|Submitted by Anonymous |
(Sep 02, 2011)
When I first saw this book, I was instantly drawn to it by the cover. It is good, dark fantasy stuff, with warriors on horseback in the foreground and a looming castle in the background, nothing too bright, everything quite shadowed. It is a real challenge these days to find a fantasy that isn't covered in old-style fantasy cover art that makes it look exactly like every other book on the shelf. This was a refreshingly good start.
After I’d picked up the book, I discovered it had been translated from Russian by Andrew Bromfield, the same person who translated the 'Night watch' series by Sergei Lukyanenko. I was quite intrigued by this stage. And then I started reading, and it took roughly two pages for me to be right into the story. The first page tells you exactly what this book is going to be; shadows and darkness in a troubled city. It is written in the first person and your character can alternate from being dark and troubled to light-hearted and witty.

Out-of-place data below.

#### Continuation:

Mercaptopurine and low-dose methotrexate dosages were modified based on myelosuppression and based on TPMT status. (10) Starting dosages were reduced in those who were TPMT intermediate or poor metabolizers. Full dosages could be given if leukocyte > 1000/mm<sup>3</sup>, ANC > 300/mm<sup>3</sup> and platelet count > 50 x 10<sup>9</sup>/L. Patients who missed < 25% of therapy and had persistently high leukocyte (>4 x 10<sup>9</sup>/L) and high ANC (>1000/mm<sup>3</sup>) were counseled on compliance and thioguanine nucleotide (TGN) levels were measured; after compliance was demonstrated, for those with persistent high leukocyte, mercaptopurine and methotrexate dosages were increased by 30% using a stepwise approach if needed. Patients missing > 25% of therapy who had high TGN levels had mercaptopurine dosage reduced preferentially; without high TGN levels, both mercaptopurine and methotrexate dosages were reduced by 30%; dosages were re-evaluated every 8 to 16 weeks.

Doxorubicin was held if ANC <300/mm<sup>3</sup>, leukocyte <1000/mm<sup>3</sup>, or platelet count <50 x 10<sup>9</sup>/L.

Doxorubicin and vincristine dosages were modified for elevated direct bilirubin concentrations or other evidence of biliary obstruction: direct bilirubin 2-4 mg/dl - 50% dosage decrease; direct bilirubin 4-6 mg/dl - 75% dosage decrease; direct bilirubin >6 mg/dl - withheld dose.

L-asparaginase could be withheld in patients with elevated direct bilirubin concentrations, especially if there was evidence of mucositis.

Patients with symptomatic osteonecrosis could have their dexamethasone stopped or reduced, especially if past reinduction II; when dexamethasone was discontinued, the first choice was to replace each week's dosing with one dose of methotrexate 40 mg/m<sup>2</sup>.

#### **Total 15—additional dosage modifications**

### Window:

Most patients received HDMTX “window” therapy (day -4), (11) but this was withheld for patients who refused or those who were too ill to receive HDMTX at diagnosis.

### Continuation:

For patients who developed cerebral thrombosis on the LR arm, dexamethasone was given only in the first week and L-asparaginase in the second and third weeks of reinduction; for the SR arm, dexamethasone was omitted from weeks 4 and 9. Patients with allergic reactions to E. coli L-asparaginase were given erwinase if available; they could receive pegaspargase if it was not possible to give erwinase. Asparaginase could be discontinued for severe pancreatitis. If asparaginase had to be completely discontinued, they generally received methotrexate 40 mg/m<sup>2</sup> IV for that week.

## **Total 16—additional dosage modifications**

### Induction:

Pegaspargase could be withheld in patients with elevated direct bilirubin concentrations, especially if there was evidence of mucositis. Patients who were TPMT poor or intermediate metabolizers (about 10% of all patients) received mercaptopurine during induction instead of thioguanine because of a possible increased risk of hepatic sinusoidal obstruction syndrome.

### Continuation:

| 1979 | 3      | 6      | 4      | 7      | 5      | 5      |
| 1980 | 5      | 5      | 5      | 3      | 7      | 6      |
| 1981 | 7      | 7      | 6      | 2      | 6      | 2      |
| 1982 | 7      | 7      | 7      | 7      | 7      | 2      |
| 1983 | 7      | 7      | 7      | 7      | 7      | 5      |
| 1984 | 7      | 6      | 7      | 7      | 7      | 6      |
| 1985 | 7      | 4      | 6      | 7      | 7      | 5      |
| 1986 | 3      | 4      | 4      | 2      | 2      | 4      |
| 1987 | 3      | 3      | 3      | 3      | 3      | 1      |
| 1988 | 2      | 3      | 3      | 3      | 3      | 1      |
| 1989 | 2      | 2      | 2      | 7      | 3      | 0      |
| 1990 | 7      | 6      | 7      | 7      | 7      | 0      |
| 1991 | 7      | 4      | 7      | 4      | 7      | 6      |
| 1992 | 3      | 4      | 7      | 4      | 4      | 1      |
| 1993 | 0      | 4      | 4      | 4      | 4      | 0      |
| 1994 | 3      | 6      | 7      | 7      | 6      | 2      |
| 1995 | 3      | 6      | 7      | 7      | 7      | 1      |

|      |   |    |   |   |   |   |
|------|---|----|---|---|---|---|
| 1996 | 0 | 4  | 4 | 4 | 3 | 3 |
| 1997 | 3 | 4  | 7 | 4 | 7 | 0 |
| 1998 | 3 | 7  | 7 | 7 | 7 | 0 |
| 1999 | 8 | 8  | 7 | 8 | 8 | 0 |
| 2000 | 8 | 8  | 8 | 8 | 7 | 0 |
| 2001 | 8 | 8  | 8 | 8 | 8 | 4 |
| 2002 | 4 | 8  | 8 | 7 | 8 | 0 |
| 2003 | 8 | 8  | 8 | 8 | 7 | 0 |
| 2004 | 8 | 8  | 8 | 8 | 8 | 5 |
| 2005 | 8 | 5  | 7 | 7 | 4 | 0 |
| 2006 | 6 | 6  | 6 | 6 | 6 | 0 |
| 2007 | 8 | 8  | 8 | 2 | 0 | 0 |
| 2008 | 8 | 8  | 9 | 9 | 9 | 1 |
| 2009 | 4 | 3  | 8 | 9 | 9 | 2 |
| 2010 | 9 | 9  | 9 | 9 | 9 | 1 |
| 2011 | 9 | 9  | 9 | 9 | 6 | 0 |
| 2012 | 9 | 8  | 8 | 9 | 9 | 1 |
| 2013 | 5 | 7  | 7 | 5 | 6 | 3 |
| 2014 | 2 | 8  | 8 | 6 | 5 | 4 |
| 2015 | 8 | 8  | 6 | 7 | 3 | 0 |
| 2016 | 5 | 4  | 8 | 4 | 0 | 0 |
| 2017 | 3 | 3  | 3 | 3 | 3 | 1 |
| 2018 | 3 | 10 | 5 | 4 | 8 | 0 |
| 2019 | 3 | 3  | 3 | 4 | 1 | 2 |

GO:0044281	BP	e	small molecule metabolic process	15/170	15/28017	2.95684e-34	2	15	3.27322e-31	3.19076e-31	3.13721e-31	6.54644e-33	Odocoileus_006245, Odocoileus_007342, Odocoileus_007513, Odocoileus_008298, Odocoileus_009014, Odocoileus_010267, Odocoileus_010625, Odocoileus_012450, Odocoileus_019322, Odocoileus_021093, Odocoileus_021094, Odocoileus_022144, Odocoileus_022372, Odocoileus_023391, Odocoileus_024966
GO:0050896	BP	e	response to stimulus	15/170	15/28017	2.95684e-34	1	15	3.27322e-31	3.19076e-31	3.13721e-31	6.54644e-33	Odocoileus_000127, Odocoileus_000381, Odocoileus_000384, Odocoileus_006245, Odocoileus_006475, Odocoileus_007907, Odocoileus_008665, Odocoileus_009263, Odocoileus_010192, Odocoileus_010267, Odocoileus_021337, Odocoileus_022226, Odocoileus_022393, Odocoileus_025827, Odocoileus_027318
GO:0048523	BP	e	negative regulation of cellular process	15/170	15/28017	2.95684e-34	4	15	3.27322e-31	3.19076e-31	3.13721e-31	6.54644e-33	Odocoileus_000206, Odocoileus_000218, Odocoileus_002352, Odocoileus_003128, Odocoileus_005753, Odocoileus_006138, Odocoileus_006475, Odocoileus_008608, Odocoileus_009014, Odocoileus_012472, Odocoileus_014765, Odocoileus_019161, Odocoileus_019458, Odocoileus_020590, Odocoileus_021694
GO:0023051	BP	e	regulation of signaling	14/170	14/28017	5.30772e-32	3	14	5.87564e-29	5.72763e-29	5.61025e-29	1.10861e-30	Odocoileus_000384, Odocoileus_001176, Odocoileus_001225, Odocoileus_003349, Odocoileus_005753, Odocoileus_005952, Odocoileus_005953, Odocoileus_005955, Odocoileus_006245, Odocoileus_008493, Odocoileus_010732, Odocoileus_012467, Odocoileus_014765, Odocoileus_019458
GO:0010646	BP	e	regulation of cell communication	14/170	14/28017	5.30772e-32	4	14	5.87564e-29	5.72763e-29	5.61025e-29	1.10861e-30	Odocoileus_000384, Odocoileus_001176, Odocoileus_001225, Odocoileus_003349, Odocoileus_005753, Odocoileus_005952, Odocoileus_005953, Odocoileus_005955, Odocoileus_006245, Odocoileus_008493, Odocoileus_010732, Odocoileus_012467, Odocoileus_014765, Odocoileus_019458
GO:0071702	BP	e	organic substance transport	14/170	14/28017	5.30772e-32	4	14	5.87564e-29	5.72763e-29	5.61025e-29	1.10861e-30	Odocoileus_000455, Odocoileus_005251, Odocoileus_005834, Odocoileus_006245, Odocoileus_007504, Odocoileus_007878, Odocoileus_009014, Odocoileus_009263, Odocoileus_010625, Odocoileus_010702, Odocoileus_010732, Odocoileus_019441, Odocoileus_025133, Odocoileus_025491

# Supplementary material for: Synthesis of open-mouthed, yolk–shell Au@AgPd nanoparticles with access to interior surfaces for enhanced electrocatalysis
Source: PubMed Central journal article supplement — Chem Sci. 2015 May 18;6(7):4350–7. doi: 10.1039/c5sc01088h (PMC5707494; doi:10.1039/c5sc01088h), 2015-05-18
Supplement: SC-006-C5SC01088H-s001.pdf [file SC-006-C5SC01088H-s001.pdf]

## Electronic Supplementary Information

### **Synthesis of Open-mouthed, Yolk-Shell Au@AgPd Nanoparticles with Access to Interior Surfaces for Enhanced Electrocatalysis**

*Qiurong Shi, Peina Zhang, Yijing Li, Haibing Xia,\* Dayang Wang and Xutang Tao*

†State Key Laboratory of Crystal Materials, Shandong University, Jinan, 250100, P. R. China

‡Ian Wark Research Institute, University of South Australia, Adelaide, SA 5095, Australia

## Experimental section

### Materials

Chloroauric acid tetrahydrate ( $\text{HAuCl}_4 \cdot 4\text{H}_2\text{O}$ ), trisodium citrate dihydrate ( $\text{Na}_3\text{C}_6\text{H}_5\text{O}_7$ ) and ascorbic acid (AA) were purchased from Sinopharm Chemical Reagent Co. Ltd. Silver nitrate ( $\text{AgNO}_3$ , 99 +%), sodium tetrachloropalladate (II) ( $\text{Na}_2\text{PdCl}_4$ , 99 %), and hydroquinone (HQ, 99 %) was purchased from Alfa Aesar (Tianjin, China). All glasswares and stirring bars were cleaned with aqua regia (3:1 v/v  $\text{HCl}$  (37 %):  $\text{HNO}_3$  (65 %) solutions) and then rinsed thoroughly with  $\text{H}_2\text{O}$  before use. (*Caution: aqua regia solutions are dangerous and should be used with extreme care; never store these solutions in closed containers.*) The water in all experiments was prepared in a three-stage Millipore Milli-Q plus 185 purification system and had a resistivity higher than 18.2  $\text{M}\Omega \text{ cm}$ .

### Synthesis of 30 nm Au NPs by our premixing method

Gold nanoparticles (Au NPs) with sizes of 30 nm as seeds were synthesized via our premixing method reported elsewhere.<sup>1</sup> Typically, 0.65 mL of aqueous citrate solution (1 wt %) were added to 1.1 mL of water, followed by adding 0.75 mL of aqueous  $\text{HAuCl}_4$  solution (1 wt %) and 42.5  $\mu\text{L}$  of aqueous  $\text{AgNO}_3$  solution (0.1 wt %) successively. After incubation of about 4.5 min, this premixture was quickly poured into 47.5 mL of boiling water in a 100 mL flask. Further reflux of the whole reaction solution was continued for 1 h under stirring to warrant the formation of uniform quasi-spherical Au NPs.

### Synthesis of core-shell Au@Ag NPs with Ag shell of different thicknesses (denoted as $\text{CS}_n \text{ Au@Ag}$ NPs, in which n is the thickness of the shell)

You see this book from the point of view of a master thief known as Shadow Harold, who at the start of the book is trying to rob from a powerful duke in the city of Avendoom. He gets away with it, but becomes embroiled in something far bigger when he spies the duke in question talking to winged creature. I don't spoil too much by telling you that the creature kills the duke, creating intrigue in the city. After this, Harold gets summoned by the baron and is brought to the king, who gives him the impossible task of returning an ancient artefact to Avendoom from Hrad Spein- the nightmare tombs of the ogres. This artefact is the only thing left that can stop the return of the nameless one from the desolate lands.
This sounds like fairly staple fantasy stuff, but it is really well-plotted and -written and a couple of side plots keep the story interesting and fast-paced. My one criticism would be that it is quite short for a fantasy, but there are more books to come (this one ends basically in the middle of Harold's journey) and Pehov keeps you engaged and wanting more the whole way. A great read.